Anna SchaefferMercury Staff
POSTED2 weeks ago
New Living Learning Community addresses 15 percent lower graduation rate among first-generation freshmen
UTD will add one more living space to its current eight academically-focused areas. Rather than have a major-specific focus, however, this living space is designed for students whose parents did not complete a four-year college program in the United States.
The university administration hired Mary Jane Suarez Partain in 2006 to launch Living Learning Communities, a predominantly freshman program based on career interest or specific degree programs. She is the leader of an effort to ease the transition from high school to college for individuals who are the first in their family to attend college in the United States.
According to a study by UCLA in Forbes, first-generation students are 15 percent less likely to graduate college than students who have parents with higher education, a distinction Forbes calls an “Opportunity Gap.” Partain said the new First Generation LLC is meant to create a clear path for first-generation students so they can be just as successful as their peers.
“There are many folks who might’ve gone to school elsewhere, but it’s a different experience than coming to university in the U.S.,” Partain said. “We realized that a lot of the services we were providing to first-generation students still weren’t relevant to folks whose parents hadn’t gone to school in the United States. Because what it’s really about is not understanding the landscape of a university.”
Partain is also a first-generation student. Her family is from the Philippines, and neither of her parents attended college. She said she did not know what resources were available to students.
“When I started at university, I had no idea what financial aid was,” Partain said. “I worked and went to school full-time, and I could’ve gone to school for free. I had no idea that I could’ve worked out for free or that there was a career center or a health center, because there was nobody to go before me who knew that stuff. Something that’s common sense to you isn’t common sense until someone teaches it to you first.”
The First Generation LLC allows students to live in a community in Residence Hall Northwest with a PA who is also first-generation. The LLC administration is admitting 24 students — eight rooms of three students — for their first class of freshmen in the program, and is partnering with UTD admissions to connect with potential students. Partain said the rooms could be further categorized by career interests or majors, but the details depend on the students who apply.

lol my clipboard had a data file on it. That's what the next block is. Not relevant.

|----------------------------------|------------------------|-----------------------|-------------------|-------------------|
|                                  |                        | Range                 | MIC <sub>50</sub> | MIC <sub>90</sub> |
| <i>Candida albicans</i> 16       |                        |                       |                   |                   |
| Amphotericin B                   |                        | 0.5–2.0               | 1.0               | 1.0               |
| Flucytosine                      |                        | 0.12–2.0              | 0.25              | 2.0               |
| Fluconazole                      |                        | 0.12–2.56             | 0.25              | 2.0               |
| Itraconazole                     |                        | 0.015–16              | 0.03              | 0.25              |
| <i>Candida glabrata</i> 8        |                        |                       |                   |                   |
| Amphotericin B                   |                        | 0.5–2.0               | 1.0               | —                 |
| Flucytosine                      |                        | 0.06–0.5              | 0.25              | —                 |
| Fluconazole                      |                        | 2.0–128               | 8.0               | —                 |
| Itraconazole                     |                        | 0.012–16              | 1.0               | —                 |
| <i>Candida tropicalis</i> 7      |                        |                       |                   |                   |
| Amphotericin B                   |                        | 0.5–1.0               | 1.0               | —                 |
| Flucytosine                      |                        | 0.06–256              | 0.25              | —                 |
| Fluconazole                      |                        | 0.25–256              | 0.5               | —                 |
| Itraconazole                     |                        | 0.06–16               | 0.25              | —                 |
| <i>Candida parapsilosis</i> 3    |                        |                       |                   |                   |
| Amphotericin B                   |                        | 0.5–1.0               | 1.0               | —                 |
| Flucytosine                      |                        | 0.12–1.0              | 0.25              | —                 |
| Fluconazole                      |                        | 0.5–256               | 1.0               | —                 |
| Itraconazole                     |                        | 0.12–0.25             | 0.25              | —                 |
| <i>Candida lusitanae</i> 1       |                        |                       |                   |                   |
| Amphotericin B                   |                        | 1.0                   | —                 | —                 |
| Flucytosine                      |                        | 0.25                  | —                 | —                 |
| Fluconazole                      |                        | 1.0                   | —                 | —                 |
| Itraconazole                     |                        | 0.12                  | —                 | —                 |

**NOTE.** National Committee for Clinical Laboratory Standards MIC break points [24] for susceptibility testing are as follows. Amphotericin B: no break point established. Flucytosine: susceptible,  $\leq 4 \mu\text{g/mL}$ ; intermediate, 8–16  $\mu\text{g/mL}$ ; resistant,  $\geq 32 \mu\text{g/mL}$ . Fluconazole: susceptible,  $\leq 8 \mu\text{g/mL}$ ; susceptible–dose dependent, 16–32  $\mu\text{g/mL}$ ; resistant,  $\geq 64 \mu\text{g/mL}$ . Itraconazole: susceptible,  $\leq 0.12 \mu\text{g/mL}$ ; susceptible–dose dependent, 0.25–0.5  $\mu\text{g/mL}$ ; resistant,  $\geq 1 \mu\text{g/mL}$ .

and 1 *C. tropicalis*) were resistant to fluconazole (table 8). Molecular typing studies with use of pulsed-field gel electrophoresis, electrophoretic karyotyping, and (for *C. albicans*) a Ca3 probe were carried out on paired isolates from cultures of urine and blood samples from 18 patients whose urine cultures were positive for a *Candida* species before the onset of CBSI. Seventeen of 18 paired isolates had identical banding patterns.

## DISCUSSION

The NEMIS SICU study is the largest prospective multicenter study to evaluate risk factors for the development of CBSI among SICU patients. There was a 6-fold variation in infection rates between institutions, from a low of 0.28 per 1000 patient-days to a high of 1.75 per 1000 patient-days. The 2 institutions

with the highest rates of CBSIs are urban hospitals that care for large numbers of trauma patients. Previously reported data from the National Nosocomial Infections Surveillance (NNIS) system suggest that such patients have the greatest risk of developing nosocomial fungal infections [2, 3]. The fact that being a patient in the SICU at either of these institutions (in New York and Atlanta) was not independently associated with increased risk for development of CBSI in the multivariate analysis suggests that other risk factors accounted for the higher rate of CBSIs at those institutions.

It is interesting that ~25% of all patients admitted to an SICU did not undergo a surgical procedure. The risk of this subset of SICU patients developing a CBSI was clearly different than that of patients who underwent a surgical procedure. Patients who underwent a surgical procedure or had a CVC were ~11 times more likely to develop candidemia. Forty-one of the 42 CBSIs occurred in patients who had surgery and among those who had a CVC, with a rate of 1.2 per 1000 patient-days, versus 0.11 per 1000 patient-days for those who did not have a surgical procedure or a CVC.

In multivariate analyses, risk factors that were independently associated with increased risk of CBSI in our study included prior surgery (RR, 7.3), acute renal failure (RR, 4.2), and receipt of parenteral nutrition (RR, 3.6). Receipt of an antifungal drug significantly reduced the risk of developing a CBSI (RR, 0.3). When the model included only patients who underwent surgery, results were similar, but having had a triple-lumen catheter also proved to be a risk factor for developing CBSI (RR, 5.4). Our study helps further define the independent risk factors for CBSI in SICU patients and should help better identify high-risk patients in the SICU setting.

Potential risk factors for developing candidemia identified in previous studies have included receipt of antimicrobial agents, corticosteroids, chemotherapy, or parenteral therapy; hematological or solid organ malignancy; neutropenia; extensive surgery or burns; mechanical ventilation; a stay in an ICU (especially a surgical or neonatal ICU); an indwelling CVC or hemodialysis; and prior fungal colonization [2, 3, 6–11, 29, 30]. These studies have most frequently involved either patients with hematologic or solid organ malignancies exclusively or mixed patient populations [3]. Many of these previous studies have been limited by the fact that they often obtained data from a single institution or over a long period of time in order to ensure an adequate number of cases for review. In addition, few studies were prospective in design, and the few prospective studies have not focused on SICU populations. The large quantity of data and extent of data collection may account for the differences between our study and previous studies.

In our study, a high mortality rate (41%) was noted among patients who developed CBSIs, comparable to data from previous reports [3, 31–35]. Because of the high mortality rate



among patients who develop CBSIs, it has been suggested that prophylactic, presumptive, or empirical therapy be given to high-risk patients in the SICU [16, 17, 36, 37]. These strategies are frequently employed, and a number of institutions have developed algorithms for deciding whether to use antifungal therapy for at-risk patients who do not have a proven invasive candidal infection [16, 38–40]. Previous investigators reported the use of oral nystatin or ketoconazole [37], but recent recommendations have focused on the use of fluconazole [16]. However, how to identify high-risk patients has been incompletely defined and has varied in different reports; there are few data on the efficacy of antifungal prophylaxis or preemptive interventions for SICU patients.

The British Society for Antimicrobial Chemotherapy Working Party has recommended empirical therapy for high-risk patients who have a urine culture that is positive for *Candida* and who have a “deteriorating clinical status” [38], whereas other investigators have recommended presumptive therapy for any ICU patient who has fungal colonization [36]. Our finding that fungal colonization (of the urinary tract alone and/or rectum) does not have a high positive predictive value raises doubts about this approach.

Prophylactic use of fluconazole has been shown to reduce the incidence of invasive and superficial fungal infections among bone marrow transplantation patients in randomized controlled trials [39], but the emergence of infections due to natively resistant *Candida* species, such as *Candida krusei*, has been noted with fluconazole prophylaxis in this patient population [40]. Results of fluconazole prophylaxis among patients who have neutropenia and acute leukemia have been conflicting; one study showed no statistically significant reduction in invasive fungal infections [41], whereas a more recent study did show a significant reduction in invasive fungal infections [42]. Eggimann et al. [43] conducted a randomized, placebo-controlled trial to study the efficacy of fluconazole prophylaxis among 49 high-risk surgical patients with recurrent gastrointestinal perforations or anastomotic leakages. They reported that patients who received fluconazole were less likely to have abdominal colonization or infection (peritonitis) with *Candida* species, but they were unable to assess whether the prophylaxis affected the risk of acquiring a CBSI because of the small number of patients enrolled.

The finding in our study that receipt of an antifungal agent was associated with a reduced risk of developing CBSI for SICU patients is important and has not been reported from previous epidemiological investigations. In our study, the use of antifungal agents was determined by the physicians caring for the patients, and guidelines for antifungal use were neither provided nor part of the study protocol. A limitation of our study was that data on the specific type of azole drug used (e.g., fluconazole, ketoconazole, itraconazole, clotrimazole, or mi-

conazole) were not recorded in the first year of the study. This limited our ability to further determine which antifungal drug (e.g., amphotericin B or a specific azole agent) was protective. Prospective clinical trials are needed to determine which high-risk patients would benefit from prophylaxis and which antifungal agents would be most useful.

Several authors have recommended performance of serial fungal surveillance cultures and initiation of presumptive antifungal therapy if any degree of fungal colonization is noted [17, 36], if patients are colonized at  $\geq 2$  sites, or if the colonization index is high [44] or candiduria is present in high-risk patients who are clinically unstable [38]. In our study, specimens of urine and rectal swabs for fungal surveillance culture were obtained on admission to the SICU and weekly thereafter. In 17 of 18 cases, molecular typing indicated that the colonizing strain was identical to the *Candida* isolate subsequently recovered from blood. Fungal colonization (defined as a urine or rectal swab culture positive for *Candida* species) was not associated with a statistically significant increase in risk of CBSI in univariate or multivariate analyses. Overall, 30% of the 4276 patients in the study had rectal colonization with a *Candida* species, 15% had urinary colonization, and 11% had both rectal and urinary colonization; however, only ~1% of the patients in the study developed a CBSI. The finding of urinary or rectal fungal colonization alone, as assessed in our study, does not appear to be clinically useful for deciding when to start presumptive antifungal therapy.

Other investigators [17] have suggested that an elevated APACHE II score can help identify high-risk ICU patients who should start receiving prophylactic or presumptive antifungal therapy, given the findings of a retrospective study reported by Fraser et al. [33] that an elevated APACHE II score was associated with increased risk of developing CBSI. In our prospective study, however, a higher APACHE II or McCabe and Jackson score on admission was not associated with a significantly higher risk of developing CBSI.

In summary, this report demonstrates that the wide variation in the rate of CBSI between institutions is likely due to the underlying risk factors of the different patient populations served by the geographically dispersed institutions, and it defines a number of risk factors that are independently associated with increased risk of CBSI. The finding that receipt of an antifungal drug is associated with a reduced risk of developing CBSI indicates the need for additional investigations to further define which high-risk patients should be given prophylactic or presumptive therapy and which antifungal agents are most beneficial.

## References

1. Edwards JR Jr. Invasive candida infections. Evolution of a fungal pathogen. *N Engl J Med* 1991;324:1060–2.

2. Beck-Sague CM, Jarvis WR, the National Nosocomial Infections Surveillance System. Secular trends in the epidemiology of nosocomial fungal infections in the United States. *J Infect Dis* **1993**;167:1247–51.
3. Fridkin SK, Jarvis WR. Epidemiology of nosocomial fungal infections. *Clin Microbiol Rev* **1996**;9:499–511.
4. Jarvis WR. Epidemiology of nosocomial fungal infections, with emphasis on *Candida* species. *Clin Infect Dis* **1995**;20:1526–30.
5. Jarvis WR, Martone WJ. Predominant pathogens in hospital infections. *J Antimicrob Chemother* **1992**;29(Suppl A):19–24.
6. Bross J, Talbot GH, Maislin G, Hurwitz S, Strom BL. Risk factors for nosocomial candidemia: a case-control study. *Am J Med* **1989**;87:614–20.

Global business freshman Alyanna Delloro is a first-generation college student. Her parents attended a university, but not in the United States. She said they weren’t familiar with the Texas college application system or financial aid, and that made the process very difficult. They filled out the FAFSA incorrectly, and because of that, she never received federal student aid.
“It was really hard because all my high school friends had parents who were experienced with the whole college process,” Delloro said. “It made me feel so behind and unprepared. Being around other people who felt the way I did would’ve been so helpful.”
Neuroscience freshman Sandra Hagenimana’s parents received their college degrees in Rwanda. She said the most difficult part of entering college with parents who received degrees abroad was making sure to include her parents in the process.
“I know for a lot of first-generation students, regardless of whether or not their parents went to college, there’s a tendency to disconnect or oversimplify your school life because, ‘Mom and Dad won’t understand,’ or ‘I don’t want to have to explain this 100 times,’” Hagenimana said.
Hagenimana opted to live in the pre-health LLC at UTD. She attributes her smooth transition into college to roommates and residence hall neighbors whose parents also attended school outside the United States.
“I think that an LLC designed for first-generation students would be a wonderful idea,” Hagenimana said. “Being around other students who understand each others’ backgrounds may be enough to calm the nerves of many freshmen.”
The students living in the First-Generation LLC will take a freshman seminar course in the fall and a government class in the spring together. They also host an event for parents at move-in, monthly after-hours programming, game nights and a formal dinner with Associate Dean Courtney Brecheen.
The specifics of what will be offered depend on the needs and wants of students, Partain said. In addition, each individual will receive a mentor.
“We’ve already had over 20 faculty and staff reach out to us to be mentors, and we’re pretty excited about that,” Partain said. “We think there’s going to be great support.”
Around 700 students on campus currently live in an LLC. Partain said the overall goal of each program is to make the transition from high school to college a shift from one’s actual family to another family: a community based on connection.
“If you have a lot of commonalities, it’s easier for you to develop a friendship,” Partain said. “If you can develop a friendship, you develop a sense of community. And if you have a sense of community, then you stay and you do well.”